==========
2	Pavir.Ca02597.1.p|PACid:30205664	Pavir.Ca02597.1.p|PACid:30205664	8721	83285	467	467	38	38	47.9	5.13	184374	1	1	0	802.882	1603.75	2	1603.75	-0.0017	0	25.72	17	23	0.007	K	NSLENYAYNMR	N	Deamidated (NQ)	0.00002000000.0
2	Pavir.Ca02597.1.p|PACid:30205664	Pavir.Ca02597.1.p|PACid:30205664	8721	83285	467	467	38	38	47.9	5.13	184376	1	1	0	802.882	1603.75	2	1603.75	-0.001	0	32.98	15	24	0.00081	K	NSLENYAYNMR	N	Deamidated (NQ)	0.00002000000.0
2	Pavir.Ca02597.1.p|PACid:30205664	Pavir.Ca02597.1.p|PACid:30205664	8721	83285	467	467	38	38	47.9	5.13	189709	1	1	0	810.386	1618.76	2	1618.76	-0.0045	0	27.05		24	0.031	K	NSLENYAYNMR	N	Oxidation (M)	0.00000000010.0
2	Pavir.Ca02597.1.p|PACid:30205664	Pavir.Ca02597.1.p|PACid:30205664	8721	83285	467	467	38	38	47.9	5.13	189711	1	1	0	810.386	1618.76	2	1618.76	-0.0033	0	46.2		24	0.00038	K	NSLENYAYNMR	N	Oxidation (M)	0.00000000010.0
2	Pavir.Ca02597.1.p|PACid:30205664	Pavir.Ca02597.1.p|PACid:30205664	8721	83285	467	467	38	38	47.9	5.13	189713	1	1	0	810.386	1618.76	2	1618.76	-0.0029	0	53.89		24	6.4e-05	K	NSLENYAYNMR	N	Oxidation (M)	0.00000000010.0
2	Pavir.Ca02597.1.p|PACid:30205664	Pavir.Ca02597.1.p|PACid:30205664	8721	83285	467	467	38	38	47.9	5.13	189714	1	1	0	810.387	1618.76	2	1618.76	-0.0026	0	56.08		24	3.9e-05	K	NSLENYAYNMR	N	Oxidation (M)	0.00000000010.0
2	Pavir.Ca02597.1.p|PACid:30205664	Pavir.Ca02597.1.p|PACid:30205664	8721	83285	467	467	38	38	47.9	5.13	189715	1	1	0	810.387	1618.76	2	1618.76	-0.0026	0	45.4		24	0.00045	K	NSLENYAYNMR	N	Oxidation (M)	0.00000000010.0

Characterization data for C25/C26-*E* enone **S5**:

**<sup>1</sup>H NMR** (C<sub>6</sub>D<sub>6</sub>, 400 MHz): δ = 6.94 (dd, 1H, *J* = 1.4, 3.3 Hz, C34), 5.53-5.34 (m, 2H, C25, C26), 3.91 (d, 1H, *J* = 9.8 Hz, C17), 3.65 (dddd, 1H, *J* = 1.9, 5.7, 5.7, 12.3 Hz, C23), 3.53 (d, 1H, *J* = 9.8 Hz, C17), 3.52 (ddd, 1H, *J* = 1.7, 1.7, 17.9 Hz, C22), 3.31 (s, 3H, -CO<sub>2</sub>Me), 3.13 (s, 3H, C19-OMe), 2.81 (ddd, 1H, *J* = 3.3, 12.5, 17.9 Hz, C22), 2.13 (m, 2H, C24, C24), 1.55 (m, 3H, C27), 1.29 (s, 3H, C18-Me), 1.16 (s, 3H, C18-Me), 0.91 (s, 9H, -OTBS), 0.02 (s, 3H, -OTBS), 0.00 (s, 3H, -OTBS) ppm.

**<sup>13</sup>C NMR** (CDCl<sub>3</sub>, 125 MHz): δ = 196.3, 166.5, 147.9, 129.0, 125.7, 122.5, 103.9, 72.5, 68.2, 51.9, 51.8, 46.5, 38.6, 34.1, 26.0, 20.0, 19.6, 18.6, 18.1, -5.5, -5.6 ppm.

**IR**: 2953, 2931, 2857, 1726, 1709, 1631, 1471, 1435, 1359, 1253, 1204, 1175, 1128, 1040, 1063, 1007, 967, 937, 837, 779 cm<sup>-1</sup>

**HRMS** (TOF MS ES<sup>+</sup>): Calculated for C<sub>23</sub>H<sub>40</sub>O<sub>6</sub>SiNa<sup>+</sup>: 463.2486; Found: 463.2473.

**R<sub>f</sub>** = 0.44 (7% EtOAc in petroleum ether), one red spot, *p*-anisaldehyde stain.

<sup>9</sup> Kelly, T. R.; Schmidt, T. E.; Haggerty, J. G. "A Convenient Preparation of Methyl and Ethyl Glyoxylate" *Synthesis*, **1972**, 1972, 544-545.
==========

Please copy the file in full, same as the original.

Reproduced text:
2	Pavir.Ca02597.1.p|PACid:30205664	Pavir.Ca02597.1.p|PACid:30205664	8721	83285	467	467	38	38	47.9	5.13	184374	1	1	0	802.882	1603.75	2	1603.75	-0.0017	0	25.72	17	23	0.007	K	NSLENYAYNMR	N	Deamidated (NQ)	0.00002000000.0
2	Pavir.Ca02597.1.p|PACid:30205664	Pavir.Ca02597.1.p|PACid:30205664	8721	83285	467	467	38	38	47.9	5.13	184376	1	1	0	802.882	1603.75	2	1603.75	-0.001	0	32.98	15	24	0.00081	K	NSLENYAYNMR	N	Deamidated (NQ)	0.00002000000.0
2	Pavir.Ca02597.1.p|PACid:30205664	Pavir.Ca02597.1.p|PACid:30205664	8721	83285	467	467	38	38	47.9	5.13	189709	1	1	0	810.386	1618.76	2	1618.76	-0.0045	0	27.05		24	0.031	K	NSLENYAYNMR	N	Oxidation (M)	0.00000000010.0
2	Pavir.Ca02597.1.p|PACid:30205664	Pavir.Ca02597.1.p|PACid:30205664	8721	83285	467	467	38	38	47.9	5.13	189711	1	1	0	810.386	1618.76	2	1618.76	-0.0033	0	46.2		24	0.00038	K	NSLENYAYNMR	N	Oxidation (M)	0.00000000010.0
2	Pavir.Ca02597.1.p|PACid:30205664	Pavir.Ca02597.1.p|PACid:30205664	8721	83285	467	467	38	38	47.9	5.13	189713	1	1	0	810.386	1618.76	2	1618.76	-0.0029	0	53.89		24	6.4e-05	K	NSLENYAYNMR	N	Oxidation (M)	0.00000000010.0
2	Pavir.Ca02597.1.p|PACid:30205664	Pavir.Ca02597.1.p|PACid:30205664	8721	83285	467	467	38	38	47.9	5.13	189714	1	1	0	810.387	1618.76	2	1618.76	-0.0026	0	56.08		24	3.9e-05	K	NSLENYAYNMR	N	Oxidation (M)	0.00000000010.0
2	Pavir.Ca02597.1.p|PACid:30205664	Pavir.Ca02597.1.p|PACid:30205664	8721	83285	467	467	38	38	47.9	5.13	189715	1	1	0	810.387	1618.76	2	1618.76	-0.0026	0	45.4		24	0.00045	K	NSLENYAYNMR	N	Oxidation (M)	0.00000000010.0

Characterization data for C25/C26-*E* enone **S5**:

**<sup>1</sup>H NMR** (C<sub>6</sub>D<sub>6</sub>, 400 MHz): δ = 6.94 (dd, 1H, *J* = 1.4, 3.3 Hz, C34), 5.53-5.34 (m, 2H, C25, C26), 3.91 (d, 1H, *J* = 9.8 Hz, C17), 3.65 (dddd, 1H, *J* = 1.9, 5.7, 5.7, 12.3 Hz, C23), 3.53 (d, 1H, *J* = 9.8 Hz, C17), 3.52 (ddd, 1H, *J* = 1.7, 1.7, 17.9 Hz, C22), 3.31 (s, 3H, -CO<sub>2</sub>Me), 3.13 (s, 3H, C19-OMe), 2.81 (ddd, 1H, *J* = 3.3, 12.5, 17.9 Hz, C22), 2.13 (m, 2H, C24, C24), 1.55 (m, 3H, C27), 1.29 (s, 3H, C18-Me), 1.16 (s, 3H, C18-Me), 0.91 (s, 9H, -OTBS), 0.02 (s, 3H, -OTBS), 0.00 (s, 3H, -OTBS) ppm.

**<sup>13</sup>C NMR** (CDCl<sub>3</sub>, 125 MHz): δ = 196.3, 166.5, 147.9, 129.0, 125.7, 122.5, 103.9, 72.5, 68.2, 51.9, 51.8, 46.5, 38.6, 34.1, 26.0, 20.0, 19.6, 18.6, 18.1, -5.5, -5.6 ppm.

**IR**: 2953, 2931, 2857, 1726, 1709, 1631, 1471, 1435, 1359, 1253, 1204, 1175, 1128, 1040, 1063, 1007, 967, 937, 837, 779 cm<sup>-1</sup>

**HRMS** (TOF MS ES<sup>+</sup>): Calculated for C<sub>23</sub>H<sub>40</sub>O<sub>6</sub>SiNa<sup>+</sup>: 463.2486; Found: 463.2473.

**R<sub>f</sub>** = 0.44 (7% EtOAc in petroleum ether), one red spot, *p*-anisaldehyde stain.

<sup>9</sup> Kelly, T. R.; Schmidt, T. E.; Haggerty, J. G. "A Convenient Preparation of Methyl and Ethyl Glyoxylate" *Synthesis*, **1972**, 1972, 544-545.